What is 'COVID arm'? 7 new findings about Moderna arm rashes, per Yale study

Gabrielle Masson - Print  | 

More information has emerged about "COVID arm" — a delayed arm rash appearing after Moderna's COVID-19 vaccine is administered — including likelihood, duration and treatment.

A small study published in March found some recipients of Moderna's COVID-19 vaccine experienced delayed rashes. Another study, published May 12 in JAMA Dermatology and led by researchers from New Haven, Conn.-based Yale School of Medicine, provides more information about the condition. 

Researchers examined 16 patients who experienced red and itchy blotches on their arms after receiving the COVID-19 vaccine. The patients, whose ages ranged from 25 to 89, were referred to Yale New Haven (Conn.) Hospital from Jan. 20 through Feb. 12, 2021.

The researchers emphasized the fact that such reactions are rare, citing the clinical trial that led to the vaccine's emergency approval, in which 312 such cases were reported out of more than 30,000 participants.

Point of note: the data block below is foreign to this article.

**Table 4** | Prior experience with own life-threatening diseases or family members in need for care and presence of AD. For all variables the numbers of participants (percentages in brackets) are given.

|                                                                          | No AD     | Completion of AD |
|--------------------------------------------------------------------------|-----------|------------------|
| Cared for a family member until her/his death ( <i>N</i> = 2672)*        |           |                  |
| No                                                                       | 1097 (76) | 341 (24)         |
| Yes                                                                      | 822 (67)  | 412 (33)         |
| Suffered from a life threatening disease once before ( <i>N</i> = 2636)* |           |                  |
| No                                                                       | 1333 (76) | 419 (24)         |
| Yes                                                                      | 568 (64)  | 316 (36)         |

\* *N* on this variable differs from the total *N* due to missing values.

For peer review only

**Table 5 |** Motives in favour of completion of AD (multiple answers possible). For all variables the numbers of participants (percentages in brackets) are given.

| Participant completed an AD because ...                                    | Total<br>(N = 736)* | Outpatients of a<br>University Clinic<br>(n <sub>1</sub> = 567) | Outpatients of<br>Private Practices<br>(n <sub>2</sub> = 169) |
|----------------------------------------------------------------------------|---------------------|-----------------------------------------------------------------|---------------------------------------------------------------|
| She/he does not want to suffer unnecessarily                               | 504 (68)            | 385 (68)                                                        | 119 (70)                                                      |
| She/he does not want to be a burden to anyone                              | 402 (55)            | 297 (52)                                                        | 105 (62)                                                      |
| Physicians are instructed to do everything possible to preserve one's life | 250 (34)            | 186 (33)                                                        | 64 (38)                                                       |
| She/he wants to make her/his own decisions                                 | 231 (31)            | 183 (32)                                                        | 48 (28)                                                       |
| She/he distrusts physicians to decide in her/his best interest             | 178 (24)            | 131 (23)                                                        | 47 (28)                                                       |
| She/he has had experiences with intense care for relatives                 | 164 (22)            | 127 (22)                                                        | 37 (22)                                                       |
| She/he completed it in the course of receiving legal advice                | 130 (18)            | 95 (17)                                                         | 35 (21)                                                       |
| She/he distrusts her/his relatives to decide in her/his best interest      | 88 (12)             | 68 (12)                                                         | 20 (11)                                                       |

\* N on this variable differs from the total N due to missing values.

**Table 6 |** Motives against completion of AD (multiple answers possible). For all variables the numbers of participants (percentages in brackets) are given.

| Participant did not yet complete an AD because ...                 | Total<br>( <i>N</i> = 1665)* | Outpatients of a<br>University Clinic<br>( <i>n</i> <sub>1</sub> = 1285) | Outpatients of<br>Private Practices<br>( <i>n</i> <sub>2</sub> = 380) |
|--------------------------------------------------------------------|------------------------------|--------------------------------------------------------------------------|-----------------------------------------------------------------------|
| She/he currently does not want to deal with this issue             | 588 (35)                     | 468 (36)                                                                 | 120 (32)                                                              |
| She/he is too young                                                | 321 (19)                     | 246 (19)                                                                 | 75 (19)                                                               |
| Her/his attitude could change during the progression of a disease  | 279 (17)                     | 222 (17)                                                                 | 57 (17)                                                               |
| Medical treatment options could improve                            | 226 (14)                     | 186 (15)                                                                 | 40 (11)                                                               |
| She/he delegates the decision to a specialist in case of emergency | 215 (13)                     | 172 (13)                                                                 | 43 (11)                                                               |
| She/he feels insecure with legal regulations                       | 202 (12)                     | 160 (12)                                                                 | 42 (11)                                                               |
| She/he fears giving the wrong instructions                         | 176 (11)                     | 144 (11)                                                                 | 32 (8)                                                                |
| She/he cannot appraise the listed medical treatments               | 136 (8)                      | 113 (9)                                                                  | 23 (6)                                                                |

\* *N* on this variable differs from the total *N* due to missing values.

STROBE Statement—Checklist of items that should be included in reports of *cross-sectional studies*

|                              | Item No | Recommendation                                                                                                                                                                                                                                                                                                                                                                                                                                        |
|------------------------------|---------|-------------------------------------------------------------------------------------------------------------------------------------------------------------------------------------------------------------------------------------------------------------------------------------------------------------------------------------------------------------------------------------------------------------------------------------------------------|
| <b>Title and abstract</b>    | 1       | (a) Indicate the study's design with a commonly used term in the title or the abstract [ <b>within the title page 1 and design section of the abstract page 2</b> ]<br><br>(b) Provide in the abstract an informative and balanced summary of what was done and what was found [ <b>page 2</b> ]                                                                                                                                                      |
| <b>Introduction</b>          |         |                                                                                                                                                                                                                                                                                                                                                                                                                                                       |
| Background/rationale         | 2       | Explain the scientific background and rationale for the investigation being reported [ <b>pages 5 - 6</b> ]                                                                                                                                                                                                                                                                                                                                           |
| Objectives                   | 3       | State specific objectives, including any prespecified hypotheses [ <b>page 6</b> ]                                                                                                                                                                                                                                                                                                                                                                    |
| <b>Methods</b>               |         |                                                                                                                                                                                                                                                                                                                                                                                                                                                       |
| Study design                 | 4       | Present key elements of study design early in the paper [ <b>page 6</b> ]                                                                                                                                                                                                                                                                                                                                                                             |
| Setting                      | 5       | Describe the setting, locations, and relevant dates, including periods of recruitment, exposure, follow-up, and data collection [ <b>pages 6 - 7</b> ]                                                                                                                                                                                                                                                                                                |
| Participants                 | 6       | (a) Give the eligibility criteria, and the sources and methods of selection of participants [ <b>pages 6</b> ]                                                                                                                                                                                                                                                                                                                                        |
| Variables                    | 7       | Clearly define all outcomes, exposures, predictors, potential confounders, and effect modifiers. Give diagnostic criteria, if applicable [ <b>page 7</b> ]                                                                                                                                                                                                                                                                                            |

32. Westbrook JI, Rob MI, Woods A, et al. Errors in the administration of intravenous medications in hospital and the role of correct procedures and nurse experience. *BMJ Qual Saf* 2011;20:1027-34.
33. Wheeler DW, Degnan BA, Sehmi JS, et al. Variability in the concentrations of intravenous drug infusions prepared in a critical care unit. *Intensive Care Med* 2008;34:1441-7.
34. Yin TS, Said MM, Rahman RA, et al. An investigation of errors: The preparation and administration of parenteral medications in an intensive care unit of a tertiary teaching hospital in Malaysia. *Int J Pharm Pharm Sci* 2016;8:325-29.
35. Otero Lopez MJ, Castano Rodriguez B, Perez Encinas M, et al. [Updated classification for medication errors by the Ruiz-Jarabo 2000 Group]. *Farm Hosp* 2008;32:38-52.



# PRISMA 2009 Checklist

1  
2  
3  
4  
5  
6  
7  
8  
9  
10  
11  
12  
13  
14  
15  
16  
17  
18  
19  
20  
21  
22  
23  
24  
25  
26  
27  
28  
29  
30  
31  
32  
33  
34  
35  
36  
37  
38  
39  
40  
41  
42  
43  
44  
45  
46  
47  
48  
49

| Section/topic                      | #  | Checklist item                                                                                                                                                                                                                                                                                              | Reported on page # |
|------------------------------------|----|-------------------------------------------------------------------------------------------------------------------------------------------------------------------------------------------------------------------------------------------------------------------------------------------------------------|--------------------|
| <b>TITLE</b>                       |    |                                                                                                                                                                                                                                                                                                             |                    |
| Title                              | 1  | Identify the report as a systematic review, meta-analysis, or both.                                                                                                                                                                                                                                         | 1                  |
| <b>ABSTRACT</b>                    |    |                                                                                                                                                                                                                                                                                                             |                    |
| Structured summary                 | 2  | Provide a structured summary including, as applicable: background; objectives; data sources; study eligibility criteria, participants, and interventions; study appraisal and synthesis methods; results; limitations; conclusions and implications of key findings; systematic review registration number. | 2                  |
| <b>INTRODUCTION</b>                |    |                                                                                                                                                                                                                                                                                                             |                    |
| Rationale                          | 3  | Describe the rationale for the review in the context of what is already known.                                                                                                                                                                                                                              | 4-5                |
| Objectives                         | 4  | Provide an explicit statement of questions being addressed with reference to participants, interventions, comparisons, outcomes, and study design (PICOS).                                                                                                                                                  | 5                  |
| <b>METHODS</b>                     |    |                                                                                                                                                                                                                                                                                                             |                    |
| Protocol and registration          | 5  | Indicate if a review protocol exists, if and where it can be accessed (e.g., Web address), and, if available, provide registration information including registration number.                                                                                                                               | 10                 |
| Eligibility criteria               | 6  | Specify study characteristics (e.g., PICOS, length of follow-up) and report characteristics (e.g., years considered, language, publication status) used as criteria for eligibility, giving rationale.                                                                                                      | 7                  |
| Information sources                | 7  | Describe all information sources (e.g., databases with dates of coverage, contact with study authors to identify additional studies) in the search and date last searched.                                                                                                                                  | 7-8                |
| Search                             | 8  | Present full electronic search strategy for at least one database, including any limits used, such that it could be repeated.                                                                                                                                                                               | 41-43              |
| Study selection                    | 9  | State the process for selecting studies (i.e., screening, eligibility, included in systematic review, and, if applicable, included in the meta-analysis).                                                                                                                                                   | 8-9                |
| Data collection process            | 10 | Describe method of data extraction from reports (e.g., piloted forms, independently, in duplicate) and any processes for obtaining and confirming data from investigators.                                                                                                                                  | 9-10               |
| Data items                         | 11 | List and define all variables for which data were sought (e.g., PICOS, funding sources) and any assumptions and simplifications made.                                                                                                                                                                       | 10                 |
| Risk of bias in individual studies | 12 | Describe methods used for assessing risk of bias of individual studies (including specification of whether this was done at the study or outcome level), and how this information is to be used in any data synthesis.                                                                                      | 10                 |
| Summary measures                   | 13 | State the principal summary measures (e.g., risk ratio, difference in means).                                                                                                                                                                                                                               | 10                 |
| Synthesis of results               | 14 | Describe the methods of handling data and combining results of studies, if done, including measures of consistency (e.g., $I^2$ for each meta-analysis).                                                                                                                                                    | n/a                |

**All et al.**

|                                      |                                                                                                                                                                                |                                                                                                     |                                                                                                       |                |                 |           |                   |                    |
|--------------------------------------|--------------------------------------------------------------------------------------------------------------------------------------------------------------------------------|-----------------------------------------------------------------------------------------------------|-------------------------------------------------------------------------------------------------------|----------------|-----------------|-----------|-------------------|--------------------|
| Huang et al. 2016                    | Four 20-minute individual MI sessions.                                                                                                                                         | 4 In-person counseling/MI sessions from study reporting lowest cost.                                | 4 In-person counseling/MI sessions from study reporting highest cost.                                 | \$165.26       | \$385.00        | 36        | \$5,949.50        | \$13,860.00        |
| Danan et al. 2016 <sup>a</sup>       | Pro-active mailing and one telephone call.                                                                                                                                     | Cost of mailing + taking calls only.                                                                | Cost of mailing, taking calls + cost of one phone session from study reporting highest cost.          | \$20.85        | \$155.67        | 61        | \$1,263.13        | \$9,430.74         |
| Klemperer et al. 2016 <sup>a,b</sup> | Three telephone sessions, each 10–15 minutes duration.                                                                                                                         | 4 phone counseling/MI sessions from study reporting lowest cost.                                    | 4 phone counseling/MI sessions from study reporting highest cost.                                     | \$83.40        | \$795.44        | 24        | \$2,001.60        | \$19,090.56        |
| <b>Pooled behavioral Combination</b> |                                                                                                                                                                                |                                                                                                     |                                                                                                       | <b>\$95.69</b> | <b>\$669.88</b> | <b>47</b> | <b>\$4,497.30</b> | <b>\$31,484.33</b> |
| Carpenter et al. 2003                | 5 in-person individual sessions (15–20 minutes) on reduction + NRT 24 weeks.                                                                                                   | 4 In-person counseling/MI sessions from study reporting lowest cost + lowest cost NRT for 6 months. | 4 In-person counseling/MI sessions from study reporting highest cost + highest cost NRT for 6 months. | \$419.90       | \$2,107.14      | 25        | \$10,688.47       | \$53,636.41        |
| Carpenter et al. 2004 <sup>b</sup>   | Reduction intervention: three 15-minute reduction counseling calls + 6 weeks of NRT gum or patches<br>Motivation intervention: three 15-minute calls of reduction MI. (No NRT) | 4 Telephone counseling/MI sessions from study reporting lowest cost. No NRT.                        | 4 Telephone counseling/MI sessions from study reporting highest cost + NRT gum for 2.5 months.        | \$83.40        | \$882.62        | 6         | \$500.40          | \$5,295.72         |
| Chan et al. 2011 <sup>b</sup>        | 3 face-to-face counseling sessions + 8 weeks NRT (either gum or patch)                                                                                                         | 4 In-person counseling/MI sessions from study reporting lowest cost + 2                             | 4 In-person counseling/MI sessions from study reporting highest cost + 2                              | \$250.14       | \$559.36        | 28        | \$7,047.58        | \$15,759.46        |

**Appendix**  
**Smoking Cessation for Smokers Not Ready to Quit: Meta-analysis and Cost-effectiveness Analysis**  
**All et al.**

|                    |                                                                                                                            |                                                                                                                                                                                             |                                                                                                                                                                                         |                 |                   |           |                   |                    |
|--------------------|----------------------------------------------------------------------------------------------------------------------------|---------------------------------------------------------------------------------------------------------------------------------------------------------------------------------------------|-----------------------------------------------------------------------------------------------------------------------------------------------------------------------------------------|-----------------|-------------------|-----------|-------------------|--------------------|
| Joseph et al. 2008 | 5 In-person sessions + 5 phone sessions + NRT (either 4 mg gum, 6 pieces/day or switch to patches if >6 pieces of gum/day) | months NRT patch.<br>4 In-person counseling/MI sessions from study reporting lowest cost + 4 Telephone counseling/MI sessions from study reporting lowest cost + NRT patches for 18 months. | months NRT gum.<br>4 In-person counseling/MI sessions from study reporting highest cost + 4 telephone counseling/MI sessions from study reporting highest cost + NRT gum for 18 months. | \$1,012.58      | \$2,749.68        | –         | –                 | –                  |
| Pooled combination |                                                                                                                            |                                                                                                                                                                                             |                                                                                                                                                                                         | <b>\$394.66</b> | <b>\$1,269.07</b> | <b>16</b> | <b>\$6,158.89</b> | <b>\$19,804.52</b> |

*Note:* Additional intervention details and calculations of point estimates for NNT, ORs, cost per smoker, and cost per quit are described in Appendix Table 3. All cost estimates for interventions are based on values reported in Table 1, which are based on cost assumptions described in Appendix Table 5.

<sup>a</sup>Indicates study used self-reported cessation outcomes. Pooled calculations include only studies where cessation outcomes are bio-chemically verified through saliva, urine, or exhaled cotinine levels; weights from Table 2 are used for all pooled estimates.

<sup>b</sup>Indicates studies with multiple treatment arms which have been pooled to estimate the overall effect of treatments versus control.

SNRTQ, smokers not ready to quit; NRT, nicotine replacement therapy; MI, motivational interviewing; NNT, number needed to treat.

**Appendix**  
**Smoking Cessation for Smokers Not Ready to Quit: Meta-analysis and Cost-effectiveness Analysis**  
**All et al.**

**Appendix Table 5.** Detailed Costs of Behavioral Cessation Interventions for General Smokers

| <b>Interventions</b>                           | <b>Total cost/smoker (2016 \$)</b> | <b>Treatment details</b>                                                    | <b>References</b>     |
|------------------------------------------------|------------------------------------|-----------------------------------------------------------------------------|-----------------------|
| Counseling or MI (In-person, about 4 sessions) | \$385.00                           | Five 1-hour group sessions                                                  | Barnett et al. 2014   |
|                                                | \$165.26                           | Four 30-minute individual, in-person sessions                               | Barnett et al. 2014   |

Seven report findings:

1. Of the 16 patients, 13 were women. Women are more vulnerable than men to "hypersensitivity" reactions to vaccines, and are also more likely to report such side effects to physicians, the researchers wrote.

2. None of the reactions arose at the time of vaccination. The skin reaction appeared anywhere from two to 12 days after the first Moderna shot, with a median latency to onset of seven days. 

3. The arm reaction lasted for a median of five days, but could persist for up to 21 days. 

4. Most people who had a skin reaction after the first shot also had a reaction after the second, typically around two days after the injection.

5. Treatments such as topical steroids, oral antihistamines and cool compresses can help.  

6. No serious adverse events tied to this reaction were observed.

7. No such arm reactions were observed in individuals receiving Pfizer's vaccine. It's not known why Moderna vaccinations are tied to the side effect.

 

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